okay all right thank you for coming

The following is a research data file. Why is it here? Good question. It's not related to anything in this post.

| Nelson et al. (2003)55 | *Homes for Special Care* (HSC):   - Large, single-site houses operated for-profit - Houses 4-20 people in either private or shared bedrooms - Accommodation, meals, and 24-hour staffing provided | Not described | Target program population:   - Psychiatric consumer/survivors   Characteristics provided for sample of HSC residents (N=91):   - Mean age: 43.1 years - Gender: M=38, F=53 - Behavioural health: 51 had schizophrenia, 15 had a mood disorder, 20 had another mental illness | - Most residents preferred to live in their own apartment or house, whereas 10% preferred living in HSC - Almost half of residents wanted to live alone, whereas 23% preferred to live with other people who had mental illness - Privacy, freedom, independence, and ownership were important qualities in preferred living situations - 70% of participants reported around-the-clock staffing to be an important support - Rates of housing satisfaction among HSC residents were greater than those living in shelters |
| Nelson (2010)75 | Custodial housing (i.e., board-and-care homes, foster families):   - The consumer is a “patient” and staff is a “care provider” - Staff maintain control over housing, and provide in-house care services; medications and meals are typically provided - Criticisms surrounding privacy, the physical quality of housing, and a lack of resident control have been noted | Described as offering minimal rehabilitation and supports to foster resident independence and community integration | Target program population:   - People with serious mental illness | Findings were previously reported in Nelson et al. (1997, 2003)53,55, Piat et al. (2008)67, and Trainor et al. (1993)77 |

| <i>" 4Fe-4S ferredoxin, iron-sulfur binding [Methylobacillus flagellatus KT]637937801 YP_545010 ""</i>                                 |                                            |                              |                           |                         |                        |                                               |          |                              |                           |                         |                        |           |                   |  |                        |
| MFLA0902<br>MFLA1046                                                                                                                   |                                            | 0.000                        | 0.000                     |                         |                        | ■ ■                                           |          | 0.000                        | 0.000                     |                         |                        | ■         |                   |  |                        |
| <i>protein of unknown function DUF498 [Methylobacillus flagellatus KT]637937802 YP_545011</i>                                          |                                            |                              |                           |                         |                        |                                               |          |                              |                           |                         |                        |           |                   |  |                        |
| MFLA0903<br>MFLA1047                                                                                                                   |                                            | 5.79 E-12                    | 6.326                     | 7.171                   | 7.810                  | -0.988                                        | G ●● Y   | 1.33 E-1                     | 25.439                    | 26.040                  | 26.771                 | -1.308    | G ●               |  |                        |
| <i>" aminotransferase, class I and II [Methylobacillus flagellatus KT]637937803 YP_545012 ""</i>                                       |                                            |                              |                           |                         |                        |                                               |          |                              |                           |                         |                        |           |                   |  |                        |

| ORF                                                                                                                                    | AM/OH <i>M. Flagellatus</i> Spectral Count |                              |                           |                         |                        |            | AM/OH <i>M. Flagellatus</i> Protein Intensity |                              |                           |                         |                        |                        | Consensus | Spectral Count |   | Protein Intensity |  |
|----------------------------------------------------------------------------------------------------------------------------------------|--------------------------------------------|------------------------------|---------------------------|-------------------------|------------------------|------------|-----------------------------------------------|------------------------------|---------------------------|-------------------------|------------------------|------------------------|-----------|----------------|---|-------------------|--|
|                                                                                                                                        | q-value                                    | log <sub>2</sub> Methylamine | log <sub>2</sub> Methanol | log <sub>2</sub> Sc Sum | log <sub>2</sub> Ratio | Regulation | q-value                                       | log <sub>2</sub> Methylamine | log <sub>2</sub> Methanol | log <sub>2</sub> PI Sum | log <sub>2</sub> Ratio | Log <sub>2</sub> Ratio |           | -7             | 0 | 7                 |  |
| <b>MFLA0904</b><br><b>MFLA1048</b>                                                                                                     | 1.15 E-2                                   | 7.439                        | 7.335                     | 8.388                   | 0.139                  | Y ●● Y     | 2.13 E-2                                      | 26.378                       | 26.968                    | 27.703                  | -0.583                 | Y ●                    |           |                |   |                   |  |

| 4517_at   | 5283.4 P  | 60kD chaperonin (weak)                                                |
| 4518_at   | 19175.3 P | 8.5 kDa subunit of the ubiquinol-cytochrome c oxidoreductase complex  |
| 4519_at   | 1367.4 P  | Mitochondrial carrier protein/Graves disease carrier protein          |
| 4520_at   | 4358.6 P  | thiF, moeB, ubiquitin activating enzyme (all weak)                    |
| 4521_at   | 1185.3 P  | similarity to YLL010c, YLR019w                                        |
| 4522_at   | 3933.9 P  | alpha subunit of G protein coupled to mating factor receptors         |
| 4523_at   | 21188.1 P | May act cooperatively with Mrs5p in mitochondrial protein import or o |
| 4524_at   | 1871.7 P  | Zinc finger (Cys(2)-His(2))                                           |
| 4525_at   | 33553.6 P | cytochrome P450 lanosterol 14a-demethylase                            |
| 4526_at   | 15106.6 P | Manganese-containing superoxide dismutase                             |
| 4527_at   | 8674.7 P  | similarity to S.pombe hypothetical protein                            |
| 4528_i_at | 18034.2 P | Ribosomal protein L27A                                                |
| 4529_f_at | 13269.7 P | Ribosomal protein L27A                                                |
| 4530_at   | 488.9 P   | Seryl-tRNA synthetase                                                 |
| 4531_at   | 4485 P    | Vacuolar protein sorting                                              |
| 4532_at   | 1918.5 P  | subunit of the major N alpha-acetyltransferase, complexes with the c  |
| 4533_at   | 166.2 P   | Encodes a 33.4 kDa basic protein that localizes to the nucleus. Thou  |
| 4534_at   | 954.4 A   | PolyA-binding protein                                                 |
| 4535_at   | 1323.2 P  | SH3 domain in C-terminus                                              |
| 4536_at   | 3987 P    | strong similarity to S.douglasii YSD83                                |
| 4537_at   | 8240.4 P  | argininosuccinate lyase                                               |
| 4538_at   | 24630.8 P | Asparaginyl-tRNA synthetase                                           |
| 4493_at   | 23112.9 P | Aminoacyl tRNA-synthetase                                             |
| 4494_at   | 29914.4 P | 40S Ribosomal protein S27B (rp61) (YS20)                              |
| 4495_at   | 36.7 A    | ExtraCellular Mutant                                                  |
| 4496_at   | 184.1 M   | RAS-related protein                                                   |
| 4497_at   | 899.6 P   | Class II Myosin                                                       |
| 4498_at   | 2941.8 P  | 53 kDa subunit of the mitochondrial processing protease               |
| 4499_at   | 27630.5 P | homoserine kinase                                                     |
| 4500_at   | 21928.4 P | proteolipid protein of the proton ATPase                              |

everyone my name is seven I'm going to give you a talk about the net BST project and how it might be of interest to you if you have a lot of old hardware around and you want to do something with modern software so quick intro about why you might want to do this you might have a lot of old hardware and we have different operating systems and if you want to test something across your different systems this provides you a consistent environment regardless of the hardware that you want to try gives you the opportunity to kind of test an idea across the board from something as old as a VAX to something more modern today PDA running on an arm CPU and it depends on how patched and passionate you are about your ideas but it could be a good way of actually measuring how your code performs in such situations and like I said the software benefits from the exercise so say the Sun SPARC CPUs have very kind of strict alignment requirements so which you don't necessarily have say on a on a PC so while things kind of work okay on your on your desktop computer you might find that when you're actually trying to run on these systems things blow up spectacularly and that just kind of feeds back into your software and makes it more robust if not fun yeah so this is the range of systems that the net BST project supports broken down from different families of CPUs starting from the dec alpha to the families of armed that's strongarm Dex kale and the more modern variants that you find the hppa Intel the Motorola family big-endian and little-endian MIPS PowerPC Hitachi super H in big endian mode and little endian mode 32-bit spark 64-bit spark VAX and that doesn't matter